Regulatory risk on the rise in India

Regulatory risk on the rise in India

Fri, Aug 2 2013

* Constant rule changes spook investors

* Lack of clarity mars even positive changes

* Courts often overturn new regulation

By Manju Dalal

SINGAPORE, Aug 2 (IFR) – When Palaniappan Chidambaram took over as Finance Minister of India exactly a year ago, he would not have expected that his efforts to open doors for foreign investors would end up highlighting one of their biggest concerns: regulatory risk. The recent attempts to stem the rupee’s depreciation have reminded global investors that the rules of engagement in India can change with alarming regularity. “We make investment decisions on factors like forex risk, regulatory risks and target company fundamentals. Of these three pillars, two are already on very shaky ground in India,” said a Singapore-based investor. “If I was 100% bullish on India two years back, I am only 25% bullish now. I cannot ignore India, but I know for sure I cannot expect the kind of stability in regulation that we see in China or even in Thailand.”Before Chidambaram became finance minister of Asia’s second largest economy on July 31 2012, his predecessor faced stinging criticism for the “policy paralysis” that was sapping confidence in India’s economic growth.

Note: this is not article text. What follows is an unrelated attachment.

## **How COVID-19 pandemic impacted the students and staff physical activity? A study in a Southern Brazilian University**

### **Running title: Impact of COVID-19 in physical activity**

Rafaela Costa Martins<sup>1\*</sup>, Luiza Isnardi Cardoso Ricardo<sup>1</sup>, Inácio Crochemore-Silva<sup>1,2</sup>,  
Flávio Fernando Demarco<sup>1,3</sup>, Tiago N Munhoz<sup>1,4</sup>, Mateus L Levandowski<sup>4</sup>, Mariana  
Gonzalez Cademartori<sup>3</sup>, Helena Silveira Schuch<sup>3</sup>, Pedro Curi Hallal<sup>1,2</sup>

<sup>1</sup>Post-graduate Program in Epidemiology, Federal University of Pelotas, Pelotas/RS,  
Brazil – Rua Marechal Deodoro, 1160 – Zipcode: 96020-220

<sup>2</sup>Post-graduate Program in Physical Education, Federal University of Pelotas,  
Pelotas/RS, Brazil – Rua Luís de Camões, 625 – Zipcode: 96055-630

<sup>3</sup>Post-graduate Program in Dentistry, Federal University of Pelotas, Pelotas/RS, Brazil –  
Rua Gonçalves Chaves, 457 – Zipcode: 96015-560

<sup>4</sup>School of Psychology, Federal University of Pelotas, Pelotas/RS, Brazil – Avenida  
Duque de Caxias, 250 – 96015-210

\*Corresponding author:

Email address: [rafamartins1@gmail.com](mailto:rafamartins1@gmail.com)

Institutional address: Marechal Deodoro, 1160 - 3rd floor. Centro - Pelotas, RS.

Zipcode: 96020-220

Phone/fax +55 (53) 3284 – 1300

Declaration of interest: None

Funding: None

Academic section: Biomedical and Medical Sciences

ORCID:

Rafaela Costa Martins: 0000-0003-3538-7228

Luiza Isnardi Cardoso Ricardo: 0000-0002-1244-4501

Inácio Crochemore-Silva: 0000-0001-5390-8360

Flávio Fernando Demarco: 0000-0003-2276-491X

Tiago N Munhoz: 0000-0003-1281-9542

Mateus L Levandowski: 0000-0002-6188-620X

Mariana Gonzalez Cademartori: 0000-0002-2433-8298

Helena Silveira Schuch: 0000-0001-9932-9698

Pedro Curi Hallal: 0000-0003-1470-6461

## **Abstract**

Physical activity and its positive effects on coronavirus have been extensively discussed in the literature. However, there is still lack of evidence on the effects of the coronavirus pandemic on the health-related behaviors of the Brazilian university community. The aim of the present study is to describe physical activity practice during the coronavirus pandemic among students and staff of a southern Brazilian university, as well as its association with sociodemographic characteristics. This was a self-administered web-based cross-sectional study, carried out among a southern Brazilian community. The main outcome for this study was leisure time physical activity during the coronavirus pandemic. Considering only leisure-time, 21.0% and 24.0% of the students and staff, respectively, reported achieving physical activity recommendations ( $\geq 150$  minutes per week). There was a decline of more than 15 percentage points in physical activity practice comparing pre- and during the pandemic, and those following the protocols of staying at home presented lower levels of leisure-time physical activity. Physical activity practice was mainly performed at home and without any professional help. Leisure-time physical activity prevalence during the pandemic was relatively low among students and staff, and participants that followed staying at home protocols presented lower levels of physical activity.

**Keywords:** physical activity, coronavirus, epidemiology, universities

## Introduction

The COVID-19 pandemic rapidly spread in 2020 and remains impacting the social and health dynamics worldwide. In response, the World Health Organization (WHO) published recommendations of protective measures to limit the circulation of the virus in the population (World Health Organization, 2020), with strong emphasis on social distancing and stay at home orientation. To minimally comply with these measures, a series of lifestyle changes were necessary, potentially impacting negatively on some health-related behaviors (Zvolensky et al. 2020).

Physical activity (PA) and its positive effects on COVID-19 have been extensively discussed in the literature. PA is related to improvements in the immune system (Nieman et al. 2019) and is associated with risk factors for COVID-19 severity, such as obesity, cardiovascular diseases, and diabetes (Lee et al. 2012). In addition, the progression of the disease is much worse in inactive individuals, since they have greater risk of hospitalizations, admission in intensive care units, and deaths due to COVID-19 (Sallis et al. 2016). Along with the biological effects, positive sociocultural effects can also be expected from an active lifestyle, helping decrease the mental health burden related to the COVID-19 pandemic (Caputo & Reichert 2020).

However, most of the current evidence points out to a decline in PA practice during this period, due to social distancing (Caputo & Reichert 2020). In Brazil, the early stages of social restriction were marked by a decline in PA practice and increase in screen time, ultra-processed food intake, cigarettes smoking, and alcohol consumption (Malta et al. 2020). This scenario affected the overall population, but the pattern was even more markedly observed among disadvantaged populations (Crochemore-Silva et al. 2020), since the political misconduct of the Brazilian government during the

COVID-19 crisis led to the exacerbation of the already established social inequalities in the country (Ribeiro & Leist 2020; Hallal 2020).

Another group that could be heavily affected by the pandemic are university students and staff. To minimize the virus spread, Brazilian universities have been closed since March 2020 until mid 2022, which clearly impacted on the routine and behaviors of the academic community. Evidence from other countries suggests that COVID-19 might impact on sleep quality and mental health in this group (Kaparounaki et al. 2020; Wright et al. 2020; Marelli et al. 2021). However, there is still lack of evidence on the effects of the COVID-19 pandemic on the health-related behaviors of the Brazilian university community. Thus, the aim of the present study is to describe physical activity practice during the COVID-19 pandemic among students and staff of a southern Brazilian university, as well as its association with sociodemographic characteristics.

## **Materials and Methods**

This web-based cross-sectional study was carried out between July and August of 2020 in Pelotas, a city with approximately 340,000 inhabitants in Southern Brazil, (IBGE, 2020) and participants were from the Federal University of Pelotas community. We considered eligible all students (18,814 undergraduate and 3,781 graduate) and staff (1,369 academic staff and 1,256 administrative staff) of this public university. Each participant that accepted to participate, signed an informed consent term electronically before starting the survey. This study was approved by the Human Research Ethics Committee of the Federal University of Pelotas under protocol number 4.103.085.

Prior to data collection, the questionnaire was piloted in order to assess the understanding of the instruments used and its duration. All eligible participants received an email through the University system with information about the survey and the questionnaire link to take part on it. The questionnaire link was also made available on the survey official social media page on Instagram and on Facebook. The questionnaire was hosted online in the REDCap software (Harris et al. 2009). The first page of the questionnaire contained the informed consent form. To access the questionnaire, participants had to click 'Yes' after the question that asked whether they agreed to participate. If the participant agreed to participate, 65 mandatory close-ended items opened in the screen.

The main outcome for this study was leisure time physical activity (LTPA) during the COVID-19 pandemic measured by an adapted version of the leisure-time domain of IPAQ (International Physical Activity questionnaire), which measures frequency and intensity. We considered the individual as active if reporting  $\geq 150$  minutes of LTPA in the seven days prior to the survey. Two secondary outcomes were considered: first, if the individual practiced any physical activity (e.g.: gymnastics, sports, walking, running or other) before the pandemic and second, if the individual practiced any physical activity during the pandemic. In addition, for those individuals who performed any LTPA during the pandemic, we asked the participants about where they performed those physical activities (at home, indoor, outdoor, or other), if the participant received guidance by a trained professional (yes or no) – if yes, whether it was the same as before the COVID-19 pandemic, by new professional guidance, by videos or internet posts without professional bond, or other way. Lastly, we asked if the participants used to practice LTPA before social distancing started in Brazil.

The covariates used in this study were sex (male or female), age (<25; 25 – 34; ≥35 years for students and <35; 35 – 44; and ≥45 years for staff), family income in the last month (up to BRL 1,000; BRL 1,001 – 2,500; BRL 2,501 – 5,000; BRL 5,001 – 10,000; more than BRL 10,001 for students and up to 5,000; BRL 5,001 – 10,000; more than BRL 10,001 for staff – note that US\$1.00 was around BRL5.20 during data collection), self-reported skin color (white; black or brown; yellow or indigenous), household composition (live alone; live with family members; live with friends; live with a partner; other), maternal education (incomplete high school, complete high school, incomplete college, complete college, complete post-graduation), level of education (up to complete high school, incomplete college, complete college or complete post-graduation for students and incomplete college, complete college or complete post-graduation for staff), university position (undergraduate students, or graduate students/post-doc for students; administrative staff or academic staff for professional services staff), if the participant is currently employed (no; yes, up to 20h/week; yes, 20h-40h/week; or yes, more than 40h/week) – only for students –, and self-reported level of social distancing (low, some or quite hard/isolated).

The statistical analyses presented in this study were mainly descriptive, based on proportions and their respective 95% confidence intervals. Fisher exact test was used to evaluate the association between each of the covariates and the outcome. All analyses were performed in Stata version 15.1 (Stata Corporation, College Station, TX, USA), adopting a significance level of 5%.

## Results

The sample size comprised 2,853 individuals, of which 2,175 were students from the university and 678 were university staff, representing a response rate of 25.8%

The new minister set out a series of reforms to improve the situation, opening up the retail sector to foreign ownership, removing restrictions on foreign investment in the Indian debt markets, easing overseas borrowing rules, and many other policies.


While such measures have been broadly welcomed overseas, delays in their execution have diluted their impact and even created confusion.